Two Vancouver men hitchhike to Yukon, making stop in Fort St. John during journey

A pair of Vancouverites hitchhiked their way up to Dawson City in the Yukon and were forced to make a longer-than-expected stop in Fort St. John along the way.
Karna Thakara and Pierre Goullet hitchhiked their way to the Yukon. (Goullet)

FORT ST. JOHN, B.C. — A pair of Vancouverites recently hitchhiked their way up to Dawson City, Yukon, which included a longer-than-expected stop in Fort St. John.

Karna Thakara and Pierre Goullet met while working together in Vancouver and, four years later, decided to embark on a hitchhiking journey to see British Columbia and the Yukon.

“We saw this magazine about the Yukon, and it just looked absolutely amazing, “ said Thakara.  “Four years ago, we decided that we have to find our way there.”

The pair of travellers said hitchhiking seemed the most authentic way to travel and would give them the most exposure to the province.

Thakara and Goullet planned for the trip to take approximately two weeks or even three if needed, but they made it there in only a week.

The pair were initially unsure if hitchhiking was legal in B.C., and after receiving different answers from friends and family,  decided to do it anyway. They said if they were asked to stop, they would return to Vancouver.

Karna Thakara and Pierre Goullet before they embarked on their journey. (Goullet)

The travellers said, for the most part, people were willing to give them a ride.

The first issue they faced was along the Highway of Tears, specifically in Prince George, where they were stuck for a full day.

“We finally asked people, ‘What’s the thing about this town?’ Nobody even looked at us, and then they told us about everything,” Goullet said.

 “We learned all these things the hard way.”

They decided to leave Prince George on foot to a campground in Salmon Valley before carrying on.

The pair were dropped off near a bar in Hudson’s Hope, where they were invited in for a drink by some locals. They ended up pitching their tents in a resident’s yard for the night before carrying on.

The pair faced the second issue of their journey when they became “stuck” after arriving near Fort St. John.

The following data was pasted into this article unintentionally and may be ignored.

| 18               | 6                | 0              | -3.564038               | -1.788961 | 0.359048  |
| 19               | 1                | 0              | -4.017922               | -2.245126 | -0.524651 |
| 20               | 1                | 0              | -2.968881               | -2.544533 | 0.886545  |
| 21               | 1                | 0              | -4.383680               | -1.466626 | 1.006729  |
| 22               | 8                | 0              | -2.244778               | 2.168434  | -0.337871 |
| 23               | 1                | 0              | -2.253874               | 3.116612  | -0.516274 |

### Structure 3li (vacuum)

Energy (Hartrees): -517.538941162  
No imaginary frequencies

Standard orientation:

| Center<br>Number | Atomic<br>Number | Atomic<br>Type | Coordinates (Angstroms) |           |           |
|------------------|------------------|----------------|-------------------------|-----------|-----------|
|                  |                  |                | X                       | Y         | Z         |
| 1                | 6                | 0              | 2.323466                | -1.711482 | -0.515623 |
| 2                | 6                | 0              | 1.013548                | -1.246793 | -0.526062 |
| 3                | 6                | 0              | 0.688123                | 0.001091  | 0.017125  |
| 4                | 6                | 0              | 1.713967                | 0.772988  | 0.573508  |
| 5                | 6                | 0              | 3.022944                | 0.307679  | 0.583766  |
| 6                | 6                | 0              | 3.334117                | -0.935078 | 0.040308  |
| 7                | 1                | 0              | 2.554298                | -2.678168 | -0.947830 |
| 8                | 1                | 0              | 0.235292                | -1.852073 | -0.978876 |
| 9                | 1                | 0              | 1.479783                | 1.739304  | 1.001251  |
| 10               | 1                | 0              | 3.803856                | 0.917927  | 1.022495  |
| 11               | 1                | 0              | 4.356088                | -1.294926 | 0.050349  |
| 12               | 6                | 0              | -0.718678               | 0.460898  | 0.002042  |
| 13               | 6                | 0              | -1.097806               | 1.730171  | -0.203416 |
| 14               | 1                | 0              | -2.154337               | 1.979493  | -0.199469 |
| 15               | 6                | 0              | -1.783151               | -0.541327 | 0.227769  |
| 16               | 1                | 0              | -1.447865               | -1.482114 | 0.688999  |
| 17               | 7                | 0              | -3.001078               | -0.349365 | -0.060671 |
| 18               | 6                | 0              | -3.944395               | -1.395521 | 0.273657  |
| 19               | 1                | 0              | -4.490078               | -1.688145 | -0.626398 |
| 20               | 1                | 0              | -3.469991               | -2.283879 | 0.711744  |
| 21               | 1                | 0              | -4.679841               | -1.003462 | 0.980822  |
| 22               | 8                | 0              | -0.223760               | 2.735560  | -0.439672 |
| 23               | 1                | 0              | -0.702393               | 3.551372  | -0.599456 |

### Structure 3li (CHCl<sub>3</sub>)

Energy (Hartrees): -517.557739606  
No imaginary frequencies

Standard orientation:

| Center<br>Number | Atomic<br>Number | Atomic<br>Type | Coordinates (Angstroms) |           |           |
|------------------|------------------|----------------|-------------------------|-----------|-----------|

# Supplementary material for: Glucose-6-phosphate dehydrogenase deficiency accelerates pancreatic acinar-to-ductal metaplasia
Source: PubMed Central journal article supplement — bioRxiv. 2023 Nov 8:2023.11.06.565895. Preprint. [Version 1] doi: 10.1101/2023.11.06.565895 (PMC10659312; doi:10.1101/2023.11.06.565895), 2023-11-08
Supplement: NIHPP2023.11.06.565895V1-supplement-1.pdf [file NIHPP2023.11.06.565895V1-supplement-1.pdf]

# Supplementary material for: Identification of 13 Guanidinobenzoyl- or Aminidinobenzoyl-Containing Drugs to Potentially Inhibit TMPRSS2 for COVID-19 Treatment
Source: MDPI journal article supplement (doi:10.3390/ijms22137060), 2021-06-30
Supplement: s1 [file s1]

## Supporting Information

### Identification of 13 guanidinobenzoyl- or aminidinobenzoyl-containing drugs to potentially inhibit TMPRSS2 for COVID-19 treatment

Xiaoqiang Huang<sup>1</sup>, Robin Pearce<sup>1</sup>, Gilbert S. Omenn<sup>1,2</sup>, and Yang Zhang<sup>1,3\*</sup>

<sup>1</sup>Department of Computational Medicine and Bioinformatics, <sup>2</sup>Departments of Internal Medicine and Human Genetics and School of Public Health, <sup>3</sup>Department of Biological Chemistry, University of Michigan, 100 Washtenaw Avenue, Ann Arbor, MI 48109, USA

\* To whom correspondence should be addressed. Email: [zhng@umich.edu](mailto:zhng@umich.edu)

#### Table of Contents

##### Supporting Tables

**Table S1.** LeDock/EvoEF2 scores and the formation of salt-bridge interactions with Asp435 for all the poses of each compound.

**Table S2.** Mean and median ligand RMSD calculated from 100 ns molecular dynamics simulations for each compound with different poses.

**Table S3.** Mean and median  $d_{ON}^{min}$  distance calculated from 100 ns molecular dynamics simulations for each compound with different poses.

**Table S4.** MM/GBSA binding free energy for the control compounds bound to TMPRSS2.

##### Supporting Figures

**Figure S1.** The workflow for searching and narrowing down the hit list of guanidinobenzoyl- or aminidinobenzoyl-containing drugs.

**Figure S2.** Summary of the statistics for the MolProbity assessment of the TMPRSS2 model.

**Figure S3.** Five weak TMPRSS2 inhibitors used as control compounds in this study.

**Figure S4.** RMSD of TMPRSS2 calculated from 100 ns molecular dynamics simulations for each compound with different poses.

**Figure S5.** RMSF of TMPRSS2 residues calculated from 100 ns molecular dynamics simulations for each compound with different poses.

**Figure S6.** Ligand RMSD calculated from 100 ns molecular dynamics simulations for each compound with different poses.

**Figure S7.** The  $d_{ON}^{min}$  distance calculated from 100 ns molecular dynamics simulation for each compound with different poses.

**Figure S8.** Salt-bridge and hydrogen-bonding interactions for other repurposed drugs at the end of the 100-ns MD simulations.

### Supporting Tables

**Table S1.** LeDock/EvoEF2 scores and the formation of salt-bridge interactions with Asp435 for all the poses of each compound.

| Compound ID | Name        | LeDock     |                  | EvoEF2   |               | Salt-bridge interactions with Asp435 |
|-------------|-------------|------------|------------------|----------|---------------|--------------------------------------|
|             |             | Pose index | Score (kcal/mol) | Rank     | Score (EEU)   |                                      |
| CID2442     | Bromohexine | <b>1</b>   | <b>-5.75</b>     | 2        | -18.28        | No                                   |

After facing difficulty finding a ride, Goullet said they stayed about 48 hours near the same gas station and guessed it was because not as many people go further north for tourism, and the truckers weren’t allowed to take them.

During their delay, Thakara and Goullet attempted to purchase some food from a woman on her farm. 

“So we knocked on their door, and they had some canned peaches and stew, so we bought it, and we paid them,” Thakara said.

According to Thakara, an officer arrived near the gas station where they were staying approximately two hours later, indicating the woman was concerned about the travellers and had placed a call to police.

“The cop came by, and he was like, ‘You guys are not from around here, that’s for sure.’”

The officer talked to the two Vancouverites for about ten minutes and ultimately decided they were harmless.

“The cop was very, very nice. He was great. He even offered us a ride just to get us back on the road. He was very professional, very human,” Goulette said.

Thakara with his sign to get to Fort Nelson. (Goullet)

Eventually, they found a ride from a kind motorist to continue on their journey.

Because they arrived quicker than expected, the two travellers were able to extend their stay in Dawson City by a few days.

“We just enjoyed it there. We took our time and went to Dawson City, we went to Whitehorse, we went to Atlin, just south of the Yukon border,” Goullet said. “It’s beautiful. If you have the [opportunity], it’s wonderful.”

Thakara and a kind driver upon their arrival to the Yukon. (Goullet)

Though some people would not pick up the pair of hitchhikers, Goullet said the people who did were kind and generous, giving them food and advice on places to see in their area.

“That was really cool because everyone knew so much about the area, so there was almost a personal tour guide every time we found somebody,” Thakara added.

Both men said hitchhiking is a way to reconnect with people and may be a viable way to travel, but emphasized the importance of doing so safely and never alone.

They documented their travels on an Instagram page, completing the journey on August 18th.


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